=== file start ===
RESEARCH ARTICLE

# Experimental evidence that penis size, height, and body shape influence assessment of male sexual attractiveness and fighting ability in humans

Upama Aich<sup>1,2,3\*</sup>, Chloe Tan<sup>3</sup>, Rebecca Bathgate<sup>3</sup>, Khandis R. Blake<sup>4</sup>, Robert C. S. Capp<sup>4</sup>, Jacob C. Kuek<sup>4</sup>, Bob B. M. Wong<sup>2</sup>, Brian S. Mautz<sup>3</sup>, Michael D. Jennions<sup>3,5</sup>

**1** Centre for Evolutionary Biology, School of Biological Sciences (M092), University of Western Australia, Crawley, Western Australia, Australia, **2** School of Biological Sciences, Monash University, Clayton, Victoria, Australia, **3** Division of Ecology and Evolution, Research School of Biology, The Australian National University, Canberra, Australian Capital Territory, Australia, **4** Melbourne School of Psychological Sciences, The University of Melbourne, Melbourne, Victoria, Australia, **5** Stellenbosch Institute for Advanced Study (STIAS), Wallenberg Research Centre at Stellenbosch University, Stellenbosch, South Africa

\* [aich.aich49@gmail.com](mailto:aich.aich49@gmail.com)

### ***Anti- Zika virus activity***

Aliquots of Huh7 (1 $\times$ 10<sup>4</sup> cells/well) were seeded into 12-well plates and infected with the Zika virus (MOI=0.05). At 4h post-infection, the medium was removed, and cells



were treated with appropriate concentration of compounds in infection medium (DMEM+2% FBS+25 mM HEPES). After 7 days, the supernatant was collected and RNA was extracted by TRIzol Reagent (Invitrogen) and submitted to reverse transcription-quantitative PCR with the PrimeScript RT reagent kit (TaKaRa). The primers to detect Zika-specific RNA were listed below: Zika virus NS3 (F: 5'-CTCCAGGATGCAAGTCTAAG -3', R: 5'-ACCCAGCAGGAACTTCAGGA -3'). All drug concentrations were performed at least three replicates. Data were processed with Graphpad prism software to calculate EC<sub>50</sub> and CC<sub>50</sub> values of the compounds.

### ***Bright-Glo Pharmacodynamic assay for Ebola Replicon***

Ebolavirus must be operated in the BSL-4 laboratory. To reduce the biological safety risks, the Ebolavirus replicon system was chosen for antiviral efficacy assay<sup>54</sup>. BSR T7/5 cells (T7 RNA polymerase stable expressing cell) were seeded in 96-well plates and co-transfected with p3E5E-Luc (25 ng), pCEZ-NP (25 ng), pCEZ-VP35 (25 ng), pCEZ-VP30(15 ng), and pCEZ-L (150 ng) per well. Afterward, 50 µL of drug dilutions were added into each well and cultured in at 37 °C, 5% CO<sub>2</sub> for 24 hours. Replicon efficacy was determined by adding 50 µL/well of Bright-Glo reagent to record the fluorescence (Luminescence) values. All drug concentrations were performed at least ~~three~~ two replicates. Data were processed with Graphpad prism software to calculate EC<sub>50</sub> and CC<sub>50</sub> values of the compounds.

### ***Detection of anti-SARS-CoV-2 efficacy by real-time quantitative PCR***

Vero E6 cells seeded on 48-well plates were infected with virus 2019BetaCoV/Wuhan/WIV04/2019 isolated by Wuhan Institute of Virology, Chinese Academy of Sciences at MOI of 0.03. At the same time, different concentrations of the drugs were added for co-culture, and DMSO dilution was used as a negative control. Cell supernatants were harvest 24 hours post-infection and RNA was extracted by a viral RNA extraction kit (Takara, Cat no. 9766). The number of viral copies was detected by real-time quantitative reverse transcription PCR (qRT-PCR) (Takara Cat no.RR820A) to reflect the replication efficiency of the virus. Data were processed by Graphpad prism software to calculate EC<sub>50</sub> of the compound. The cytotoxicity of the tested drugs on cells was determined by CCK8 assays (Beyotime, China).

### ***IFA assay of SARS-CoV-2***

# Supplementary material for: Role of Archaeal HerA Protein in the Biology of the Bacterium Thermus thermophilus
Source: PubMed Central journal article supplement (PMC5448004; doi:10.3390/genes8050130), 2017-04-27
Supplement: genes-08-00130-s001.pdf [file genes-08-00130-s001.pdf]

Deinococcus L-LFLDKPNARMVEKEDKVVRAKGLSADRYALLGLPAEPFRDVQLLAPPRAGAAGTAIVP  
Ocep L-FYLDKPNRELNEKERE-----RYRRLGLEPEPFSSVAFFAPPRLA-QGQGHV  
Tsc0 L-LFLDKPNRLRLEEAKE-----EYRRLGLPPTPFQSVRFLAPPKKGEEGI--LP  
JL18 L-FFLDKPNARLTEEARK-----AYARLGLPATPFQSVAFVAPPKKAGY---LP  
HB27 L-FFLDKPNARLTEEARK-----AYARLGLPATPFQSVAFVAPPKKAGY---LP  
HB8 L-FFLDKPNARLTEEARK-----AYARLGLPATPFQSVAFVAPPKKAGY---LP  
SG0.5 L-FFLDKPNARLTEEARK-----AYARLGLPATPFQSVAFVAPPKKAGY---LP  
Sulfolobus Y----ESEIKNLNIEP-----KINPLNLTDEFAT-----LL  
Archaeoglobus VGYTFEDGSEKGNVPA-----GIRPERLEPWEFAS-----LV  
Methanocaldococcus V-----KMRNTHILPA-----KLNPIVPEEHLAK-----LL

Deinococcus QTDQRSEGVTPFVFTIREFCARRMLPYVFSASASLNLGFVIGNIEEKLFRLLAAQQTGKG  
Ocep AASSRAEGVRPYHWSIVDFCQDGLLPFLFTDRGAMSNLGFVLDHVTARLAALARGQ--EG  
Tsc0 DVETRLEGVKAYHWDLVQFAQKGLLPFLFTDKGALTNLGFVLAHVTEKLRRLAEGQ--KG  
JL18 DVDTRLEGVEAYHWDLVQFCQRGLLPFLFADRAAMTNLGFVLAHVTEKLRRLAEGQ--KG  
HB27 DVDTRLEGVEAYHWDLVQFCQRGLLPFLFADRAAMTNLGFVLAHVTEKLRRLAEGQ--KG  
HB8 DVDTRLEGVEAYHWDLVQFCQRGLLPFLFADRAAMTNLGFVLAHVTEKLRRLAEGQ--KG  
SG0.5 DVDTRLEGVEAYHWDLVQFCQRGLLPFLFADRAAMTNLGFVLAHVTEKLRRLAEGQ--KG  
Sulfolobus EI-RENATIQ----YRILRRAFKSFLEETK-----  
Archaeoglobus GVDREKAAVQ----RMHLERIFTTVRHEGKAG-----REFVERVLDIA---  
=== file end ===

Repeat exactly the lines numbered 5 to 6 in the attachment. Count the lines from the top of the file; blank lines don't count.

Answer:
\* [aich.aich49@gmail.com](mailto:aich.aich49@gmail.com)

### ***Anti- Zika virus activity***